Glasgow - City of Sculpture
By Gary Nisbet
Archibald C Dawson
(1892-1938)
Born in Hamilton, on 16 April 1892, at 23 High Patrick Street, he was the only son of architectural carver Mathew Dawson (1849-1917),and his wife, Ann Cozen Davidson. At the time of his birth his father was in partnership with the Glasgow based architectural sculptor, James Milne Sherriff (1861-1904)). After serving his apprenticeship with his father, he attended sculpture classes at Glasgow School of Art, winning Haldane Trust awards between 1911-13.

After is studies were interrupted by the outbreak of World War I, in which he served in the Highland Light Infantry, he returned to the school in 1920, to succeed William Vickers as teacher of stone carving, 1920-38, and became Head of Modelling and Sculpture, 1929, after a brief spell as a teacher of bronze casting at the Santa Barbara School of the Arts in San Diego, USA, c. 1926.

Amongst his pupils in San Diego were the sculptors Donald Ord (1902-66) and Mabel Karl (1901-90), to whom he taught the cire-perdu (lost wax) process.

In Glasgow, he worked for the architectural sculptors, James Young & Son , which dominated the production of sculpture in Glasgow at the time, having succeeded J & G Mossman as the city's most prolific firm of architectural sculptors. Dawson later became a partner in Young's firm, as Dawson & Young

It was during this time that he became associated with Jack Mortimer, Andrew Willlison and Edward Graham in Young's workshop, the three of them being his most talented apprentices in the early 1920s. They later formed the partnership, Mortimer Willison & Graham, which dominated the production of building related sculpture after World War II, until the 1960s, when architectural sculpture fell out of fashion. All three of his former pupils later acknowledged the debt that they owed to Dawson for the quality of their early training, which they described as being medieval in its intensity and tradition.

Specialising in ecclesiastical sculpture, Dawson worked on several early churches by Jack Coia, and executed the stone and wood carvings at J J Burnet 's War Memorial Chapel, Glasgow University (1923-7), and at the Ross Memorial Church, West Regent Street, for which he also executed exterior and interior sculpture (1927). A major work for Coia at this time was the colossal figure of St Patrick on the front of St Patrick's RC Church, Greenock (1934). His other noted ecclesiastical sculpture for Coia includes the figurative work on St Anne's RC Church and Presbetery, Whitevale Street (1931), and St Columba's RC Church, Hopehill Street (1938), both in Glasgow.

He also produced sculpture for several commercial buildings in the city, the most important of which was the North British & Mercantile Building (now Sun Alliance), 200 St. Vincent Street (1927), the last major building designed by Sir JJ Burnet in Glasgow. Dawson worked on the project with Andrew Willison as the carver of his models, and Jack Mortimer as his assistant. The sculpture scheme envisioned by the architect, however, was left incomplete, with only Dawson's relief of St Andrew and the doorway capitals finished before cost cutting halted the rest of the carving.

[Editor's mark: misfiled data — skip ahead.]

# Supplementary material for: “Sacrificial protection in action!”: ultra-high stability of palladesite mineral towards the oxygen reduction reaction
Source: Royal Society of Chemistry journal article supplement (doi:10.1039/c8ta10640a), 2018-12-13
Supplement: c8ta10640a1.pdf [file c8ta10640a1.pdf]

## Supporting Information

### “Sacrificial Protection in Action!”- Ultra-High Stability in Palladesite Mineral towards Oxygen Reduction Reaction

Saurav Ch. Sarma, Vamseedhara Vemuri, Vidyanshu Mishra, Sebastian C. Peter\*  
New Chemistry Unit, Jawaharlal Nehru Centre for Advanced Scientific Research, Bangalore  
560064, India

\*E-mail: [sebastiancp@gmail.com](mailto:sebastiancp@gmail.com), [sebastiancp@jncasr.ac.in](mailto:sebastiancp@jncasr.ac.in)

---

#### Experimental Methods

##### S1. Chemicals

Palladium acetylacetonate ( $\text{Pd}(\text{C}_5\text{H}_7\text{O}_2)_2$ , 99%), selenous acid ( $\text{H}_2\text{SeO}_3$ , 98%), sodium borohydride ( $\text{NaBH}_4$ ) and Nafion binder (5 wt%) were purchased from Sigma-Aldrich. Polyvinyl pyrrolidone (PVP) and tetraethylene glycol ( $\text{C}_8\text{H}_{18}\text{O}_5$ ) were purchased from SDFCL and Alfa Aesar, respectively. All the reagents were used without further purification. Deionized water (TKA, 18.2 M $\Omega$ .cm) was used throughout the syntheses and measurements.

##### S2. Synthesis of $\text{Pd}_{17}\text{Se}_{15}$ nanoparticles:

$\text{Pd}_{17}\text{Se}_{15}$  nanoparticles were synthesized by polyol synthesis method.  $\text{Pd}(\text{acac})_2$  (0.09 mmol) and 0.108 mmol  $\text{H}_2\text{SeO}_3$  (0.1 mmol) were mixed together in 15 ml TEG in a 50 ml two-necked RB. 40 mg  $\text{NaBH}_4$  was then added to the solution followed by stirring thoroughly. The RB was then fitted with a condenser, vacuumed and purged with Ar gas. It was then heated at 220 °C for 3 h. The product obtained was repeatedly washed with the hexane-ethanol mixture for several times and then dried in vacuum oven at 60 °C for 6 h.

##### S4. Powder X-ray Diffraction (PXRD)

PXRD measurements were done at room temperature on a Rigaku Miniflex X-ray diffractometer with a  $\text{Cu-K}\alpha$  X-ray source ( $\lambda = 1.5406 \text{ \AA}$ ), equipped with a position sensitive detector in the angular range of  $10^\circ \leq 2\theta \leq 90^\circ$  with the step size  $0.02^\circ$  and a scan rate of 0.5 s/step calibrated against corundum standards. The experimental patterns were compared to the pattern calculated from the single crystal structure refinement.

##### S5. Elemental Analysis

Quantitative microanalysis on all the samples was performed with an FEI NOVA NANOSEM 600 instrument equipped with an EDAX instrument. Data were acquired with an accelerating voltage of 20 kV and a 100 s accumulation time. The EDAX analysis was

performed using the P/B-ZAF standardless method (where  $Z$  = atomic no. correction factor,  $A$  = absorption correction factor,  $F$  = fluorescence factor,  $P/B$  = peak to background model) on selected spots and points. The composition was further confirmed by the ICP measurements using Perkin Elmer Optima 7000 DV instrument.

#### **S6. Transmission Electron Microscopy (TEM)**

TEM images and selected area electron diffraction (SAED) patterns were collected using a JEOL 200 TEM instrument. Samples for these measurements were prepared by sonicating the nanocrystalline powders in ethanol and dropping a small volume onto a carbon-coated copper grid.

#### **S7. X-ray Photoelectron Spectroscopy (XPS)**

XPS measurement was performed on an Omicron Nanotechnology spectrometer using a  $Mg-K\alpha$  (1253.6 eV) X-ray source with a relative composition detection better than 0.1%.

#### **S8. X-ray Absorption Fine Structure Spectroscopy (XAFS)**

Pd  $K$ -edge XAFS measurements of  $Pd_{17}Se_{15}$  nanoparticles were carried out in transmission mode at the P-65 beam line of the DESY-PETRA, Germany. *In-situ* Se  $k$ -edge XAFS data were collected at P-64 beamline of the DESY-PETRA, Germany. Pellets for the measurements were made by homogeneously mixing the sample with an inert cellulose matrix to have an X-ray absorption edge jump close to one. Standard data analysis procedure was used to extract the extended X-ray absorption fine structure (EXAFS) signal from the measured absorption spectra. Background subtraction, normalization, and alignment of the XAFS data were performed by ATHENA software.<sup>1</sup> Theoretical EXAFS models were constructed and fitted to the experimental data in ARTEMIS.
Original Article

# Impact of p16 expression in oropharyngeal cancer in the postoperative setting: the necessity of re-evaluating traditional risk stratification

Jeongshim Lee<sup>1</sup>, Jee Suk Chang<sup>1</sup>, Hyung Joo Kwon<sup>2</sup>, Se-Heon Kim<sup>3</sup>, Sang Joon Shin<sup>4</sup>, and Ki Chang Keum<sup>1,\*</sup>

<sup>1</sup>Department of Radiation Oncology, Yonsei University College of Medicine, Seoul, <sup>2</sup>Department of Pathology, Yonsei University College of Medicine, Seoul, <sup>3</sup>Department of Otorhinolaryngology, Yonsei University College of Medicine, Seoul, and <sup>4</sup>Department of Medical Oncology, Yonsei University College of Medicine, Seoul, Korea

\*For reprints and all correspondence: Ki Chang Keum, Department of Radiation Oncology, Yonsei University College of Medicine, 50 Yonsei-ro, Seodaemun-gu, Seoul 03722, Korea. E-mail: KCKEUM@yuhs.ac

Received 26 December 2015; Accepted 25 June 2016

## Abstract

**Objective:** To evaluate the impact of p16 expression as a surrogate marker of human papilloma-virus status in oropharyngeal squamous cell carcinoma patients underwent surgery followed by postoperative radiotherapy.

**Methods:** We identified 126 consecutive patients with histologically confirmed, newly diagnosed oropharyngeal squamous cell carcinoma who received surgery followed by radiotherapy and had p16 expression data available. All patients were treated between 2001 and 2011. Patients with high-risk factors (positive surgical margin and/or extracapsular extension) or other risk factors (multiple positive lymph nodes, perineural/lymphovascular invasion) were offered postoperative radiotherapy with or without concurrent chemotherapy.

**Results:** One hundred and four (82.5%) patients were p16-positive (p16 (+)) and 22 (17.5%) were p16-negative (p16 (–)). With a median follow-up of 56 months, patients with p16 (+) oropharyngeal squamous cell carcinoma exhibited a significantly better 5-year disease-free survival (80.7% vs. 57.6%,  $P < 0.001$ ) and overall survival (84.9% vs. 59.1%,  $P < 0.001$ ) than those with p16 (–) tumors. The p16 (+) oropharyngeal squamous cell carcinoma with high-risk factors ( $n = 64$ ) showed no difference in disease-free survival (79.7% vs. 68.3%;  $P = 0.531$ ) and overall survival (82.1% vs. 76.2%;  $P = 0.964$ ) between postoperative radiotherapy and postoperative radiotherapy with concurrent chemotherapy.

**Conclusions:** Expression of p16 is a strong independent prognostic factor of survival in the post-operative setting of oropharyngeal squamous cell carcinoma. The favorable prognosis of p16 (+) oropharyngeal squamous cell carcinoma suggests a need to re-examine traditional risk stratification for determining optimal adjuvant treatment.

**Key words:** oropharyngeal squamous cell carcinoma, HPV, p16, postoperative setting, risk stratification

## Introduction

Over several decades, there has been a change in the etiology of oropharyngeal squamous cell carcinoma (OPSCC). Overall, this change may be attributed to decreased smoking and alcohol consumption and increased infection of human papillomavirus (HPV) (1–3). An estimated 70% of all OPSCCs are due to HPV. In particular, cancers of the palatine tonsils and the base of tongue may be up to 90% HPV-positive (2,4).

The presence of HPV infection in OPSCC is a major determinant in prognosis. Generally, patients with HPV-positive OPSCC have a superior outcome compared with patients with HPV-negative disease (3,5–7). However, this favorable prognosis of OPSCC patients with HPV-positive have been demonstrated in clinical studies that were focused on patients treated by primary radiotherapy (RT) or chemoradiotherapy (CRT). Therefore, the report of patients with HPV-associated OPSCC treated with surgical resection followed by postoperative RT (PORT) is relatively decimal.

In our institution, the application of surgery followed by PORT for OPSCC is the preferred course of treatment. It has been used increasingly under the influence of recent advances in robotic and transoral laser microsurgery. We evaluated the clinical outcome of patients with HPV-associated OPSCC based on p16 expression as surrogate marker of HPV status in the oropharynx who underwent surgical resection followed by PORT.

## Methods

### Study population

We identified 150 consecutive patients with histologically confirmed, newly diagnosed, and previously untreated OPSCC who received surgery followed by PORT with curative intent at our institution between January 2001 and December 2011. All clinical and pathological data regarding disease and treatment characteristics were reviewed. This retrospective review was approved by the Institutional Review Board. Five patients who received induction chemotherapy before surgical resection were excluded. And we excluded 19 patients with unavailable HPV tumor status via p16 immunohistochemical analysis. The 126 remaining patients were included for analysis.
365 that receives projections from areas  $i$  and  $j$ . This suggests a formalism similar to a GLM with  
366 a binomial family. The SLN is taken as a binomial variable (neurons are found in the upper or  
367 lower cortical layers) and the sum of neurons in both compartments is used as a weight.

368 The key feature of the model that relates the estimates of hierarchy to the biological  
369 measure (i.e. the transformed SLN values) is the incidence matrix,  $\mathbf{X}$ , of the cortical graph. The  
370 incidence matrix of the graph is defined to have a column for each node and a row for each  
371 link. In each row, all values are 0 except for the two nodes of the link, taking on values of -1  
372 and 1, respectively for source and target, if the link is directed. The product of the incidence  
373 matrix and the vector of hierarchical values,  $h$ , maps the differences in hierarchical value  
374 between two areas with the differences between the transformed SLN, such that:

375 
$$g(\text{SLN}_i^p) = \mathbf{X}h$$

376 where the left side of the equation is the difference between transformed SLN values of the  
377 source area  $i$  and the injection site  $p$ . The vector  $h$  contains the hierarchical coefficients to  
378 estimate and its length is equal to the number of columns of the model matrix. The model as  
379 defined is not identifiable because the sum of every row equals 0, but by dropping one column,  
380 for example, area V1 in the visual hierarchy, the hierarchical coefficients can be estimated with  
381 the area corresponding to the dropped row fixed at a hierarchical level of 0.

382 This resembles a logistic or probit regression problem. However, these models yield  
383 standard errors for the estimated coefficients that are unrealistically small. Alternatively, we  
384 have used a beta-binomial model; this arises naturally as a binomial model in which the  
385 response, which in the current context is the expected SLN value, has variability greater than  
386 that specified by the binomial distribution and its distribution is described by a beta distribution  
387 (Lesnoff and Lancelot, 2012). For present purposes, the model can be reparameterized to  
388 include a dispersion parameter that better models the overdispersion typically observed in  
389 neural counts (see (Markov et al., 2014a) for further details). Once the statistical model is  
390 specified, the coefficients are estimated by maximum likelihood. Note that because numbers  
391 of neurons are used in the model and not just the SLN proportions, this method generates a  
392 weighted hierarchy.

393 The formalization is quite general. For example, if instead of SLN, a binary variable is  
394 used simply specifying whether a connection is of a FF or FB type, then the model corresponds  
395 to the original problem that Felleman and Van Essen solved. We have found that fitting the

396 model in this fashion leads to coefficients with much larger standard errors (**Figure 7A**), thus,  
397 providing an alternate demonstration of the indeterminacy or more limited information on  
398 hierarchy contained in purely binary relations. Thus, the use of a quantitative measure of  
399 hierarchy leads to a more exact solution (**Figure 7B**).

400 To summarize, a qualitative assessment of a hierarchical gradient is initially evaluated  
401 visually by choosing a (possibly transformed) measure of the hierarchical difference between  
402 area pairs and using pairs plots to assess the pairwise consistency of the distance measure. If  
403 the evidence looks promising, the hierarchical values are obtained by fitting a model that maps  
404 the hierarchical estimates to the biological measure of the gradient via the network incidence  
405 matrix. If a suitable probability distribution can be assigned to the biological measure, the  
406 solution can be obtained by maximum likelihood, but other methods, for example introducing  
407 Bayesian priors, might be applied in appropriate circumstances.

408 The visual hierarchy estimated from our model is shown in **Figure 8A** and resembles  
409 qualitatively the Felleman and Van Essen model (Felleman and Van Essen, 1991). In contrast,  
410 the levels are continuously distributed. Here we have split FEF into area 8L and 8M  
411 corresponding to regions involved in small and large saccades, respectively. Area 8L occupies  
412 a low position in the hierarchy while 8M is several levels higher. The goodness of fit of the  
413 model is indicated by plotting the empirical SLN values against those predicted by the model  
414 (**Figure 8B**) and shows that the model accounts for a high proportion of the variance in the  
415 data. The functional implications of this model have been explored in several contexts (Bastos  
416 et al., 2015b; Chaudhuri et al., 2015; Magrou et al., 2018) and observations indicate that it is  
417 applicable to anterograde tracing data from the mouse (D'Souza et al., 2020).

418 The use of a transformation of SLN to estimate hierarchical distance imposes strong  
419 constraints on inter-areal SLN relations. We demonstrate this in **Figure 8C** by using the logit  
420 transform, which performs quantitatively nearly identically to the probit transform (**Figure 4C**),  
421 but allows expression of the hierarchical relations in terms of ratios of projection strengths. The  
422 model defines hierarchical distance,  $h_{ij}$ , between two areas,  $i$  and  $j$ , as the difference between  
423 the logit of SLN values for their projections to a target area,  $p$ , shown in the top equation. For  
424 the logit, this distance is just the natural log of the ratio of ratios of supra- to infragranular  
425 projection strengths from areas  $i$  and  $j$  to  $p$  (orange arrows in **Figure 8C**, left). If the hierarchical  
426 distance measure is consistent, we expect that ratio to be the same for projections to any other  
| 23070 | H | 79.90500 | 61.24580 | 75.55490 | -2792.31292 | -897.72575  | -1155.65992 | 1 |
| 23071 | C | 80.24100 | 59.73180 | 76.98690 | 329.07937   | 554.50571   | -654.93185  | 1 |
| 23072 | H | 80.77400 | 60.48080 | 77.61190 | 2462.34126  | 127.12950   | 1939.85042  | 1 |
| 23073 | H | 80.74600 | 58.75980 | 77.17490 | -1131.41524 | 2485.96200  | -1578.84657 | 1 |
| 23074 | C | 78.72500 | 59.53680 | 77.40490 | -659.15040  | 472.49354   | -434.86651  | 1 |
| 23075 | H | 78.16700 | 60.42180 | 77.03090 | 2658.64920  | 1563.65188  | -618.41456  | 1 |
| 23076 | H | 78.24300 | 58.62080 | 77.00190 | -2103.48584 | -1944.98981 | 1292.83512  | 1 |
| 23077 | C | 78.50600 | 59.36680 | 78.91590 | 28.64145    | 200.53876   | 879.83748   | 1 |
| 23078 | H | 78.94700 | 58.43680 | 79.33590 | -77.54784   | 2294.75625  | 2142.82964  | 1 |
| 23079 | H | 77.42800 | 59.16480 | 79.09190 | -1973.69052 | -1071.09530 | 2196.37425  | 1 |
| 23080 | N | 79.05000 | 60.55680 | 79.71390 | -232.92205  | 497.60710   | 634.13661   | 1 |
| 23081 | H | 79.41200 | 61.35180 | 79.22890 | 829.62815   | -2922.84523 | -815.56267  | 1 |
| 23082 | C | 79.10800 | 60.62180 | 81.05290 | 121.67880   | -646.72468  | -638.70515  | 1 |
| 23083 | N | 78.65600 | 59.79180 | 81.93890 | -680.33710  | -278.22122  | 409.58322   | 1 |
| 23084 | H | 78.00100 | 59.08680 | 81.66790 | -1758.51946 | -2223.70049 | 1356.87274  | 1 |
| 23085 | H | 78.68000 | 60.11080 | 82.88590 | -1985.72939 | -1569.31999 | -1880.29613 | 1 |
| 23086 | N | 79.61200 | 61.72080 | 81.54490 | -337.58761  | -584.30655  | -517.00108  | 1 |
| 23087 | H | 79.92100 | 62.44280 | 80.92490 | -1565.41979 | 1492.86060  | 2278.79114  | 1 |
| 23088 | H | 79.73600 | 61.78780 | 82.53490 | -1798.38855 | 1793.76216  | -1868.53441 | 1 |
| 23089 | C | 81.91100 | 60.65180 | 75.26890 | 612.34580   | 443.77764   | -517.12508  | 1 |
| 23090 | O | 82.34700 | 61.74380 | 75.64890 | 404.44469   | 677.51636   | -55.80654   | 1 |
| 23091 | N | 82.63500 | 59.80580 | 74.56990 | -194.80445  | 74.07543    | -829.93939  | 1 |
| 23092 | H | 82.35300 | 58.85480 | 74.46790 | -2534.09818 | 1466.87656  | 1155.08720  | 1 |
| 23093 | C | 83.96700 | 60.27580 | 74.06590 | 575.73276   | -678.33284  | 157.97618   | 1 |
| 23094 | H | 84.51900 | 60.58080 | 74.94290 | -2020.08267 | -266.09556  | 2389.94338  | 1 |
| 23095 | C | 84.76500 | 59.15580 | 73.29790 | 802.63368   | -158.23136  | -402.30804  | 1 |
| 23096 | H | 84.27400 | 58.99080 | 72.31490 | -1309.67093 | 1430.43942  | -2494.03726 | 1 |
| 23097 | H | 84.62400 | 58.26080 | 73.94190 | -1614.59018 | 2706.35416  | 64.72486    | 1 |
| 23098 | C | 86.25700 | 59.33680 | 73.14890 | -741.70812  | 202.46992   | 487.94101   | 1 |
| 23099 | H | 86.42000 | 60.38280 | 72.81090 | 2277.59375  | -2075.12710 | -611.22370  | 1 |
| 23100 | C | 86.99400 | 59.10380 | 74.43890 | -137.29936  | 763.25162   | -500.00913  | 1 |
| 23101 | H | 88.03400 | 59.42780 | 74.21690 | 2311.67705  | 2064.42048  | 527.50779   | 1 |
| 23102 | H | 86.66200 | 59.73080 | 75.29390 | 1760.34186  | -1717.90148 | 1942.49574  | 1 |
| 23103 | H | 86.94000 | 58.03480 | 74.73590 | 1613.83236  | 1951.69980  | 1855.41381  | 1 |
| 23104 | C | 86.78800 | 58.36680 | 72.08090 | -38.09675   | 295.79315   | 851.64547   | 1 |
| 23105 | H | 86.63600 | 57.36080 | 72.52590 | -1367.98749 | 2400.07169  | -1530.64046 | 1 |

Mortimer later completed the building's statuary with allegorical figures representing a Seafarer and the Seafarers Wife, which he modelled as portraits of Dawson and his wife,Isabell, c. 1952.

Dawson also produced the Industry and Shipbuilding figures on the Mercat Building, Glasgow Cross (1928-9), for A G Henderson, of John Keppie & Henderson, the reliefs and heraldry on the Scottish Legal Life Building, 81-107 Bothwell Street (1927-31); and the sculpture on J J Burnet 's Tennent Memorial Building, 38 Church Street (1933-5).

His public work is represented by the heraldic Unicorn which surmounts the Mercat Cross at Glasgow Cross, which he carved from a model by Margaret Findlay (1930).

He often used his family as models for his architectural work. His wife, Isa, and sons Alistair and (baby) Hamish, together with a young female relative, for instance, became the Young Motherhood group over the entrance to the Russell Institute, Paisley (1927-9).

Dawson's family life was happy and fondly remembered by his sons in later years. He married his wife, Isabell Wharrie Nelson, on 3 July 1920, when he lived at 69 Minard Street with his father. The family later lived at 56 Kelvingrove Street.

Comensurate with his career as an architectural sculptor, he exhibited at RGIFA , 1914-38, showing genre pieces and portrait busts, including Jack Coia (1933) and J.M. Groundwater (1931), and was a member of the Glasgow Art Club, executing their War Memorial in 1922.

His final work, a colossal plaster statue of St. Andrew as a Young Man, was commissioned for the Scottish Pavilion at the Empire Exhibition, Bellahouston (1938), and became his memorial for the duration of the exhibition after his sudden death, on 15 April 1938. He died at a friend's house at 81 Nithsdale Drive, and is buried in an unmarked grave in the Necropolis.

Elected ARSA , 1936, his work is represented in private and public collections, including GMAG .

Sources:

  • GH [Obit], 18 April, 1938;
  • Dawson, H. in Avenue no. 19

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